In English, many things are named after a particular country – but have you ever wondered what those things are called in those countries?
1(translate) literalmente(translate) palabra por palabraI didn't mean it literally — no lo decía en sentido literal
- I took what he said literally — tomé lo que me dijo al pie de la letra
- he was quite literally starving — se estaba muriendo de hambre, en el verdadero sentido de la expresión
- we've had literally hundreds of letters — hemos recibido literalmente cientos de cartas
- he literally flew down the stairs — prácticamente voló escaleras abajo
- What worries me is that these guys are going to run into problems literally the first day out.
- In some bizarre animator's joke, they were literally suspended, all hung in the air in a big room.
- According to his ex-wife, he literally ran away a number of times during their marriage.
- Several huge branches were quite literally held in place by lengths of rope.
- The art of edging is to literally tip your skis sideways allowing the edge to cut into the snow.
- Every Zulu thrust was repulsed by soldiers literally fighting for their lives.
- The nuances, exaggerations and pretences of conversation can be taken literally.
- A key point is that space should be owned and supervised, literally and metaphorically.
- The ground on which the match is being played is, literally, next door to his mansion.
- Bulbs were literally worth their weight in gold and the Dutch economy was in serious risk of collapse.
- One wonders if he knows where the bodies are buried, perhaps quite literally.
- We kept him there for twenty more minutes, and when he had to leave we literally followed him to the door of his taxi cab.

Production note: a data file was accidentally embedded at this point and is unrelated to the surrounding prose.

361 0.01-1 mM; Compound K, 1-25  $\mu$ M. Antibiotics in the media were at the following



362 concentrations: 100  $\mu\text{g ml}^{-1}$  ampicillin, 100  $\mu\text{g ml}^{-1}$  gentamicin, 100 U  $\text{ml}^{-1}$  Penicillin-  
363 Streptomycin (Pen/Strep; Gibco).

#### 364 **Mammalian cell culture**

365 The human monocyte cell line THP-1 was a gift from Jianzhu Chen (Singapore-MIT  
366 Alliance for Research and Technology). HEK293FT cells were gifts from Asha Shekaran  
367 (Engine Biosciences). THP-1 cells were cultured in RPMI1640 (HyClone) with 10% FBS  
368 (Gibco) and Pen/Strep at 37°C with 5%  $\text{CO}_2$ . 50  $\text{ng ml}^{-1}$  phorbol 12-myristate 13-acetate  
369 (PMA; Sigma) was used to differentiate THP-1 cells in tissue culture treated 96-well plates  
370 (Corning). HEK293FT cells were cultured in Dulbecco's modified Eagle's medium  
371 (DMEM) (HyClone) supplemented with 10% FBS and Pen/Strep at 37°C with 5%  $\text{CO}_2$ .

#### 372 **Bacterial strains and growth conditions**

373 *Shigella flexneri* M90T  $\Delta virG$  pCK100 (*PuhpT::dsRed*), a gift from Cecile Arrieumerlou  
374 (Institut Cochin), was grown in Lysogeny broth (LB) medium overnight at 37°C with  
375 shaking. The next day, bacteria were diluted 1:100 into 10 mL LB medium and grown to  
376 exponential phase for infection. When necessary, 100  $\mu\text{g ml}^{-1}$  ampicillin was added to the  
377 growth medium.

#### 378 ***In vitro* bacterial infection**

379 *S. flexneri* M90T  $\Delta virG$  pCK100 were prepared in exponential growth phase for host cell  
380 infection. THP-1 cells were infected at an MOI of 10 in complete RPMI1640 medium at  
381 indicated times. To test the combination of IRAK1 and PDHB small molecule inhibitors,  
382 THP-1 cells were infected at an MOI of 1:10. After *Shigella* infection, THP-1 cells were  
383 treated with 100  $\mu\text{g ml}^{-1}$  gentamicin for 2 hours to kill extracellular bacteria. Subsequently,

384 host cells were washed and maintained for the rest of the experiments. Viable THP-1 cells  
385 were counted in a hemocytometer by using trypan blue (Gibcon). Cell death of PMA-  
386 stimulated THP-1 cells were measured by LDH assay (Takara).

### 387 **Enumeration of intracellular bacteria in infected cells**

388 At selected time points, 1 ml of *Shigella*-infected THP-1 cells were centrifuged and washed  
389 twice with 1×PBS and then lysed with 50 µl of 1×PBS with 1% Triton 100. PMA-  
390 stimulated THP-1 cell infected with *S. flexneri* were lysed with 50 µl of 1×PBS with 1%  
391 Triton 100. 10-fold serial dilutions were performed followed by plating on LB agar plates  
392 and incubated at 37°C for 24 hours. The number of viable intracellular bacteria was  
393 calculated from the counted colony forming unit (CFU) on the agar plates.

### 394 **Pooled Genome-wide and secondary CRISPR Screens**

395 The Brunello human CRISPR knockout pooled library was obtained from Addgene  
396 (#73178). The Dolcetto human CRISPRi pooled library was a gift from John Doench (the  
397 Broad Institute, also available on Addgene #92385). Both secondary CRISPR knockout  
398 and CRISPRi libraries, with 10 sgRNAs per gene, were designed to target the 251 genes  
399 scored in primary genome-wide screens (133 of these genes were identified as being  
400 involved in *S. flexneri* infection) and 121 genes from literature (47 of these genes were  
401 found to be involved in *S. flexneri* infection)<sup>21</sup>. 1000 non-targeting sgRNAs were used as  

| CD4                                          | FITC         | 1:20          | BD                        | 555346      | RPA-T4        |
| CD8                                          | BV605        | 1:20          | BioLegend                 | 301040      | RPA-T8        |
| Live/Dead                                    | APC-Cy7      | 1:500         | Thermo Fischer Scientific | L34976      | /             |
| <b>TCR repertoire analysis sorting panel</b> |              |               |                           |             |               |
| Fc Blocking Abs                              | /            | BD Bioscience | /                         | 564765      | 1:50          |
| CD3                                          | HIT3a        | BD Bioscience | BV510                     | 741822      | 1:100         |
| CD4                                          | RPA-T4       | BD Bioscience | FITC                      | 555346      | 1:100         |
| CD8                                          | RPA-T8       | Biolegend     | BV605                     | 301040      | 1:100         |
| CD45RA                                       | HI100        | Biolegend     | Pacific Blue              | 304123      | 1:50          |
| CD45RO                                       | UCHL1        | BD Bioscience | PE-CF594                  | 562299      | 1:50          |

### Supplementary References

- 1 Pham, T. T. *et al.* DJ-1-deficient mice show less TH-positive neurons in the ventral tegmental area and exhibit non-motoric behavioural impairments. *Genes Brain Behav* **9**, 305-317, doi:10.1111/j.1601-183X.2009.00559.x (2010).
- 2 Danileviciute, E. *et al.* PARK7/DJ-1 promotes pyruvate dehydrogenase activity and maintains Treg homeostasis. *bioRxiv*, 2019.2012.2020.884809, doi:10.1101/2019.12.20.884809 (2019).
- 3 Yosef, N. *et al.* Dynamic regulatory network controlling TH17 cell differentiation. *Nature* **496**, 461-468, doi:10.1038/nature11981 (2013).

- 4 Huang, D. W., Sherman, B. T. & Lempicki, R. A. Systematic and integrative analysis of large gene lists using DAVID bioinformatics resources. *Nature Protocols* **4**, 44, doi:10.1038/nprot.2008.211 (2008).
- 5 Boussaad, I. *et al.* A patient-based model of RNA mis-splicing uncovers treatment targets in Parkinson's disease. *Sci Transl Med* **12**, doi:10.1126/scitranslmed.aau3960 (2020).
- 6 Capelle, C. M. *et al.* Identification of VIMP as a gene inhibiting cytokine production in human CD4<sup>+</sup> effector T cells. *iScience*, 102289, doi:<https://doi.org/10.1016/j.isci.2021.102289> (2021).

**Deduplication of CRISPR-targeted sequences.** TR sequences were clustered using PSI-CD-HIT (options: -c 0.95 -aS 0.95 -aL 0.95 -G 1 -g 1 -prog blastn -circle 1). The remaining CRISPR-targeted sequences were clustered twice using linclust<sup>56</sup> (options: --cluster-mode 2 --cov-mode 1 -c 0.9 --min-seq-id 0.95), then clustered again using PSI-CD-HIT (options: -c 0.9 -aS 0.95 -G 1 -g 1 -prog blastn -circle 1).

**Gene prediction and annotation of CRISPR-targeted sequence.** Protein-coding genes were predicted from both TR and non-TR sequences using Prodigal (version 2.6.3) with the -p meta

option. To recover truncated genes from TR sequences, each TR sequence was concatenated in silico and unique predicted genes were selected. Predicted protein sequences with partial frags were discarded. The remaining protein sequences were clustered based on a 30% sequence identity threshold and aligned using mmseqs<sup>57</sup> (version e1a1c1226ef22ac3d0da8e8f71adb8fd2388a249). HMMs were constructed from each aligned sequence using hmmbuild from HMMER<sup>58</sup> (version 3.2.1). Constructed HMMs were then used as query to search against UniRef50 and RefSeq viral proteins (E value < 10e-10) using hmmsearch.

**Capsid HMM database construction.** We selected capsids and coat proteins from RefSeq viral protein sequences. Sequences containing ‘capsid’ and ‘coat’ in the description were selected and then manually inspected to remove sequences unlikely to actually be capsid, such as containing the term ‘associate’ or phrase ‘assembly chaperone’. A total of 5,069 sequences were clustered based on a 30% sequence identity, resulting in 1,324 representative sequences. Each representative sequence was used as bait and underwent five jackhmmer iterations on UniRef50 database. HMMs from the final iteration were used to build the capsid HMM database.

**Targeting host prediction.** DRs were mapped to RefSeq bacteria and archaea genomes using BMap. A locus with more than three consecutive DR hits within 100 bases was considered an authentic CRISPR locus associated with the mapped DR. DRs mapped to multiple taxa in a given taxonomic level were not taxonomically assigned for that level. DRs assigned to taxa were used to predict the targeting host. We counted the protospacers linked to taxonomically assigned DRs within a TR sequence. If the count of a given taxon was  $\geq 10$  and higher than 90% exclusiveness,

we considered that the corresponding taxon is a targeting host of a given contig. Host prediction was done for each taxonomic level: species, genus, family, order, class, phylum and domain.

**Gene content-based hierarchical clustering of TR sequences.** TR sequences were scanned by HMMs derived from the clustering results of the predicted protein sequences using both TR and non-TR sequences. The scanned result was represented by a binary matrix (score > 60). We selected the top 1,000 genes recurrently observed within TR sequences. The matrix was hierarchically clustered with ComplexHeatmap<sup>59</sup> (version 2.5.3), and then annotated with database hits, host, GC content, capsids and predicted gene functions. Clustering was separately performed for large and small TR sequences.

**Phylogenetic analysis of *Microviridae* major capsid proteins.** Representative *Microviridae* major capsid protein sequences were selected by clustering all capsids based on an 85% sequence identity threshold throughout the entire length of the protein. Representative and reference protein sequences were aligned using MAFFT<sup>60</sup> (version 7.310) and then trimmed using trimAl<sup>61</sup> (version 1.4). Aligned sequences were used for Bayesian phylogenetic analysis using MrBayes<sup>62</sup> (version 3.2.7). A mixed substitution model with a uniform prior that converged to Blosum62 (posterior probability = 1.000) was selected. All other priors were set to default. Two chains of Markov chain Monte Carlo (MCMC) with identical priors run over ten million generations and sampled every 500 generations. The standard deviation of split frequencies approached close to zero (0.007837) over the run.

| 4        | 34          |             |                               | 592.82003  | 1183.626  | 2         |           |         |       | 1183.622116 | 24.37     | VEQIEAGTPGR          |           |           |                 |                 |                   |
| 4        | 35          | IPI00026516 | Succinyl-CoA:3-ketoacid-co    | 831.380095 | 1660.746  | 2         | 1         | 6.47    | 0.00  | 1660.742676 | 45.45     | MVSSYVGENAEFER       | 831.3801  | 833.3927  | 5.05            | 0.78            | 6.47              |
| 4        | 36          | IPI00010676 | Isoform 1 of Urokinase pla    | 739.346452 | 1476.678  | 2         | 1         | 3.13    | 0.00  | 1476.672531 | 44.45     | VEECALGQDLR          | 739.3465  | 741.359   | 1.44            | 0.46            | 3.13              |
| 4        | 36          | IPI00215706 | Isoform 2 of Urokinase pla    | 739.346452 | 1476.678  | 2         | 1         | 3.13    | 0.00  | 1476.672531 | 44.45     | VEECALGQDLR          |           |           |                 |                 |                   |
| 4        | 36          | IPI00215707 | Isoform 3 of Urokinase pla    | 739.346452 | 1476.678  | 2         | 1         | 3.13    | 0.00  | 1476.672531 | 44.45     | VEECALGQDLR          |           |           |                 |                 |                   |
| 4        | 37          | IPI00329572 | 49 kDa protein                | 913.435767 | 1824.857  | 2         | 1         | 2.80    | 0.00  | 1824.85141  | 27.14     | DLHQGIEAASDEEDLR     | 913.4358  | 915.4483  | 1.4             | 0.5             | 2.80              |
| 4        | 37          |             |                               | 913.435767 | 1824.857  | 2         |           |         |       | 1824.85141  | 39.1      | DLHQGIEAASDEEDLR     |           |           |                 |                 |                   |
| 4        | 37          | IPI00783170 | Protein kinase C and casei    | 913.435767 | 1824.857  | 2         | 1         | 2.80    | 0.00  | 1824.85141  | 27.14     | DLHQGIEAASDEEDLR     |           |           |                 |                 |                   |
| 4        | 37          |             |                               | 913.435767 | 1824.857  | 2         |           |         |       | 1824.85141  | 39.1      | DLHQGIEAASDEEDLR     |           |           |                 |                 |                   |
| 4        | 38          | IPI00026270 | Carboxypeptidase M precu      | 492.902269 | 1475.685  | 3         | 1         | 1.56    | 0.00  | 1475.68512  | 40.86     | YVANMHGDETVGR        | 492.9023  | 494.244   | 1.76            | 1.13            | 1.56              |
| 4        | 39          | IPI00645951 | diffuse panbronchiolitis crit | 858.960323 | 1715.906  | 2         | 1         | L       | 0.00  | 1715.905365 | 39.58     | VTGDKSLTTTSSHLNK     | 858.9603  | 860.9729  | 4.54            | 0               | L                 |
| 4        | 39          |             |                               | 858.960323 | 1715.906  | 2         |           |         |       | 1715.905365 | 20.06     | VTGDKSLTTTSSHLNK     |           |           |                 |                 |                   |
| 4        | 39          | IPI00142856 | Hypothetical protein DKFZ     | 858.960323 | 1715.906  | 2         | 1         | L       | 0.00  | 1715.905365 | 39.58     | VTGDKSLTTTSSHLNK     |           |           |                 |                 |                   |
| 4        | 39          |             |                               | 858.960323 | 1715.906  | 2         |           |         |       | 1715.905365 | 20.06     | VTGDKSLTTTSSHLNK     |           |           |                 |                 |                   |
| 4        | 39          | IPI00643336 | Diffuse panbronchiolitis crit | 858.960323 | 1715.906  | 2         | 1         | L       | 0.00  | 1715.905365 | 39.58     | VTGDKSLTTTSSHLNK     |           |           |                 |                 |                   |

- I'll be staying with villagers who live with landmines literally on their doorsteps.
- The event was literally hot with a fire dancer welcoming everybody with a puff of fire.
- Here is, literally, a national platform for a politician who aspires to be a national leader.
- The couple met three years ago when they literally bumped into each other at a Hampton Court funfair.
- Police in Bradford are helping to show the way to other forces by proving literally that crime does not pay.
- Darsana literally means view, in the sense of having a cognitive sight of something.
- As soon as I heard the crash I looked up and he literally came through the roof.
- Of course the house was still standing after Bruce's encore so it didn't literally come down.
English has borrowed many of the following foreign expressions of parting, so you’ve probably encountered some of these ways to say goodbye in other languages.
Many words formed by the addition of the suffix –ster are now obsolete - which ones are due a resurgence?
As their breed names often attest, dogs are a truly international bunch. Let’s take a look at 12 different dog breed names and their backstories.